The problem I have described here is not a direct result of homeschooling, but it is more likely to happen in a relatively isolated environment. Further, many in the homeschooling community, at least when I was growing up, actually encouraged it. There is no reason homeschooling needs to be like this.

I only describe this because you insisted on a specific example; I don't like to say negative things about fellow homeschoolers.

188 posted on 07/27/2005 2:47:06 PM PDT by Young Scholar
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To: Young Scholar

But, what you are describing as harmless is your point of view. It may be that they view it as harmful. I do not drink; I do not allow alcohol in my home. Yet, drinking and having alcohol in your home are considered mainstream. I consider this harmful to our life.

I do not hold conversations with my coworkers about alcohol, or their drinking adventures. This has not hampered my business career or conversations with these people in the slightest.

And, in all honesty, if people in this country choose to live strict lives; more power to them. The Amish in this country survive on that basis, as do many other religiously strict communities.

Just because you find things necessary in your life does not mean they are necessary to my life, my job function, or anything else. And, part of parenting is being able to instill your values and beliefs into your children. If this means you teach your children that secular behavior is dangerous, that is your right. If the children then choose to immerse themselves in secular culture, they will learn new skills in regards to that.


189 posted on 07/27/2005 4:02:56 PM PDT by ican'tbelieveit
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To: DoughtyOne

Hey, Dave is a custodian, not a teacher! Goodnight, whattanass! Did he graduate from teachers college? I doubt it.


190 posted on 07/27/2005 4:19:40 PM PDT by Paulus Invictus
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To: gogeo

Bette, can the school address that? Do they on a daily basis?


I don't know what you are referring to but every day we face problems of kids out of control!!!


191 posted on 07/27/2005 5:01:57 PM PDT by Betteboop
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To: Labyrinthos

Well, calculus and statistics are college level courses that many people going into college don't need.

If a high school aged kid really wanted to take calculus or statistics, they could take it at a local junior college.

I would imagine they could do the same with chemistry and physics.

I know I could teach all of those courses except physics, and my husband could teach physics.

Many high schools don't even teach calculus. That is usually only taught in the city high schools.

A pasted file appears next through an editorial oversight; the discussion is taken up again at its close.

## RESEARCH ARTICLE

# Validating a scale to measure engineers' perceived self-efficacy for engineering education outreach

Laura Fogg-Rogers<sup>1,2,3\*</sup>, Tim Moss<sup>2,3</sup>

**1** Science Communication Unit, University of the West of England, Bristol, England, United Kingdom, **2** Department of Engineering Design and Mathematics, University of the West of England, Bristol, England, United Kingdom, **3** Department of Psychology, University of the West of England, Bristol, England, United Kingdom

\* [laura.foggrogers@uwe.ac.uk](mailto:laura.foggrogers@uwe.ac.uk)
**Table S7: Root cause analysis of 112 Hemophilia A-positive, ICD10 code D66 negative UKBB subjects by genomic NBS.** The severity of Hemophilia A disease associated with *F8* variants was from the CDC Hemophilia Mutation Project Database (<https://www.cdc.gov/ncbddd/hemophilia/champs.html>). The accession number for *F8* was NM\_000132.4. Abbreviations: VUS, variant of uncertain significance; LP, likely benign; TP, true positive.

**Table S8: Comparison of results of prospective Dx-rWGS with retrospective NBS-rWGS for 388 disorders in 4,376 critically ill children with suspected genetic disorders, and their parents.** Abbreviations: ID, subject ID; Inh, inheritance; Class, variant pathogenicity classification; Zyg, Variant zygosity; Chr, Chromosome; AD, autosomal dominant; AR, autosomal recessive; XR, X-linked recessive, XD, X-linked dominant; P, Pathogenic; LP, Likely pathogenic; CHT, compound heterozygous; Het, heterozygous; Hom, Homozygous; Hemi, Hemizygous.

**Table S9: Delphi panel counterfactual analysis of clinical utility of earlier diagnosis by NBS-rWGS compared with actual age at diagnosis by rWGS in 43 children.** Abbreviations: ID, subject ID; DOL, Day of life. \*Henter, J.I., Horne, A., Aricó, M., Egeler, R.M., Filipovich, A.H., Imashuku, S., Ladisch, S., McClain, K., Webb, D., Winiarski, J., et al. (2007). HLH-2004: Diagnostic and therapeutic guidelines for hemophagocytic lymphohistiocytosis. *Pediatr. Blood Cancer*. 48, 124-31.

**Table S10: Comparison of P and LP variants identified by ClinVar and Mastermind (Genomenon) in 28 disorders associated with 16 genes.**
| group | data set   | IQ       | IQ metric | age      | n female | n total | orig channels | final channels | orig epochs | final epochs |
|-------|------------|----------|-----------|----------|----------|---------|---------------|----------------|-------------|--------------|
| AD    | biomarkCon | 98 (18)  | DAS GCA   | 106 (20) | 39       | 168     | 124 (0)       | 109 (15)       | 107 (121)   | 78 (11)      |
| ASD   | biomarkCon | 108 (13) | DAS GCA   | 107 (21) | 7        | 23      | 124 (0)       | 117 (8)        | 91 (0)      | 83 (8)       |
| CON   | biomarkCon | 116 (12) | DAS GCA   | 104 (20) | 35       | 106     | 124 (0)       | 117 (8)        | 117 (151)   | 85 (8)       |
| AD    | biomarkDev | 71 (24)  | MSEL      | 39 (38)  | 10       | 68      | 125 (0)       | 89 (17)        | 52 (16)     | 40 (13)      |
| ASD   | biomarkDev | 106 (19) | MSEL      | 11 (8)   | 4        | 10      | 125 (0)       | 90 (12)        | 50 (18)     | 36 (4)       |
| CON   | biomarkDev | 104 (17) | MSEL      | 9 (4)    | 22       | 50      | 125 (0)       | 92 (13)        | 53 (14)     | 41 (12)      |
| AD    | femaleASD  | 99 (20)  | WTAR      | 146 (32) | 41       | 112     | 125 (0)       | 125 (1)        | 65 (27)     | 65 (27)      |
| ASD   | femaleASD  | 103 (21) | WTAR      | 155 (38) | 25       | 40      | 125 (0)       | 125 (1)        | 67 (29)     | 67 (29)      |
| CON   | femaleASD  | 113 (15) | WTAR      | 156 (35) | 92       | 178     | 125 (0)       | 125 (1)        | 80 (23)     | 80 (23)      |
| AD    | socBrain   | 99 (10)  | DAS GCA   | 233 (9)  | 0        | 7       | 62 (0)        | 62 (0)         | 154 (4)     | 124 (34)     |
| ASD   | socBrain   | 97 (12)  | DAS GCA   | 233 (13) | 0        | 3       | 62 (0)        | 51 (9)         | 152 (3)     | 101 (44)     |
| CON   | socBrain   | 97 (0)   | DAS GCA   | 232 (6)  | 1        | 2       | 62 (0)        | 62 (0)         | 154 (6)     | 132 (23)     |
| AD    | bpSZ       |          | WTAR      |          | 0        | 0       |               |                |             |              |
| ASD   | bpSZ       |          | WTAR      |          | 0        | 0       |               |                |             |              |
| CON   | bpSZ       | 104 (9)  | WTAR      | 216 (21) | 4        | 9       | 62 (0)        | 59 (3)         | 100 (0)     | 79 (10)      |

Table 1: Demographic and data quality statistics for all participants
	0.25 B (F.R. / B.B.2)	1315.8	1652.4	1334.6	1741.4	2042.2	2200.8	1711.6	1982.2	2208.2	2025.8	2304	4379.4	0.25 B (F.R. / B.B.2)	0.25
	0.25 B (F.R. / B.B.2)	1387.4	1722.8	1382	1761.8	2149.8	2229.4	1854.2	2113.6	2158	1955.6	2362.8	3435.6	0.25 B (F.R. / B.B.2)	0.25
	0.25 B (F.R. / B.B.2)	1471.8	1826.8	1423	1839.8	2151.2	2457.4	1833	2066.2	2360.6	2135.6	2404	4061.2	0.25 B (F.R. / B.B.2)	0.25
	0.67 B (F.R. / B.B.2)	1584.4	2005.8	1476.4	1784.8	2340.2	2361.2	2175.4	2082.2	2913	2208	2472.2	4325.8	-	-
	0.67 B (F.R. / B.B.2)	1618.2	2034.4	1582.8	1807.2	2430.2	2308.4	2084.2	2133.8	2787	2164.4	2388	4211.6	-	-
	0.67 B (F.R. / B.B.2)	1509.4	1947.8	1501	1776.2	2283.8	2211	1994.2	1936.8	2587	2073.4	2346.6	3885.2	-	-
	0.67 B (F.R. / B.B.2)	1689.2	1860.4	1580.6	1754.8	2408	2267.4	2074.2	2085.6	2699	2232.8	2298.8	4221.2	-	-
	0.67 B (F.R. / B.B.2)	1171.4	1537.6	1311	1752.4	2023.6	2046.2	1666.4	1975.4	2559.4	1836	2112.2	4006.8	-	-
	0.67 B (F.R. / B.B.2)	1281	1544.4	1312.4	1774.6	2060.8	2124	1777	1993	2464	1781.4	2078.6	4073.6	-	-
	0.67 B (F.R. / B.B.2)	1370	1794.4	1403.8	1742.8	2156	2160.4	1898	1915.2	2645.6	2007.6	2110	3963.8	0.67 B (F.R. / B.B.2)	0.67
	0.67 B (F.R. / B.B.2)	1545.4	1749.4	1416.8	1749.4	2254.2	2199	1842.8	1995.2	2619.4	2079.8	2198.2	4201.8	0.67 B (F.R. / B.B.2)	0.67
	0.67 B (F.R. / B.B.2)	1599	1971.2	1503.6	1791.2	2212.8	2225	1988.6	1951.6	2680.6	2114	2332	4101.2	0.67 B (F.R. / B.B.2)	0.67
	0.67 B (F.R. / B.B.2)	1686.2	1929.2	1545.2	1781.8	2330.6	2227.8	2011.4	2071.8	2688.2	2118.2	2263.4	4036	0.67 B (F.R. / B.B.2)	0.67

192 posted on 07/27/2005 5:09:40 PM PDT by luckystarmom
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To: Labyrinthos

Why would a person who is going to major in English or history in college need to take calculus?

Most business majors take a watered down calculus.

Only someone majoring in engineering, math, or the sciences needs to take calculus.


193 posted on 07/27/2005 5:11:23 PM PDT by luckystarmom
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To: 2nd amendment mama

We are starting our third year with the K12 curriculum this fall -- love it, especially the History.


194 posted on 07/27/2005 11:13:20 PM PDT by GOPrincess
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To: Labyrinthos

Our curriculum has an online component which included demonstrations for my son's pre-algebra. I'm aware of other curricula which include interacting with a teacher online in real time. In our local area there are also homeschool groups which pay a nominal fee to be tutored as a group by a college student, etc. As the homeschooling communities (and technology) continue to grow, I'm sure we'll see more options develop in future for the more advanced courses.


195 posted on 07/27/2005 11:18:02 PM PDT by GOPrincess
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To: Betteboop
All too often I see parents who have had their children for 14 years, suddenly expect us, in the course of 5 hours to not only teach their kids, but change their behaviour as well.

I've seen kids from homes where their parents (or more often parent) don't know what their kids are doing and don't care---as long as we don't upset their lives.

Do the schools have a program for dealing with that, besides warehousing the student?

196 posted on 07/28/2005 5:31:36 AM PDT by gogeo (Often wrong but seldom in doubt.)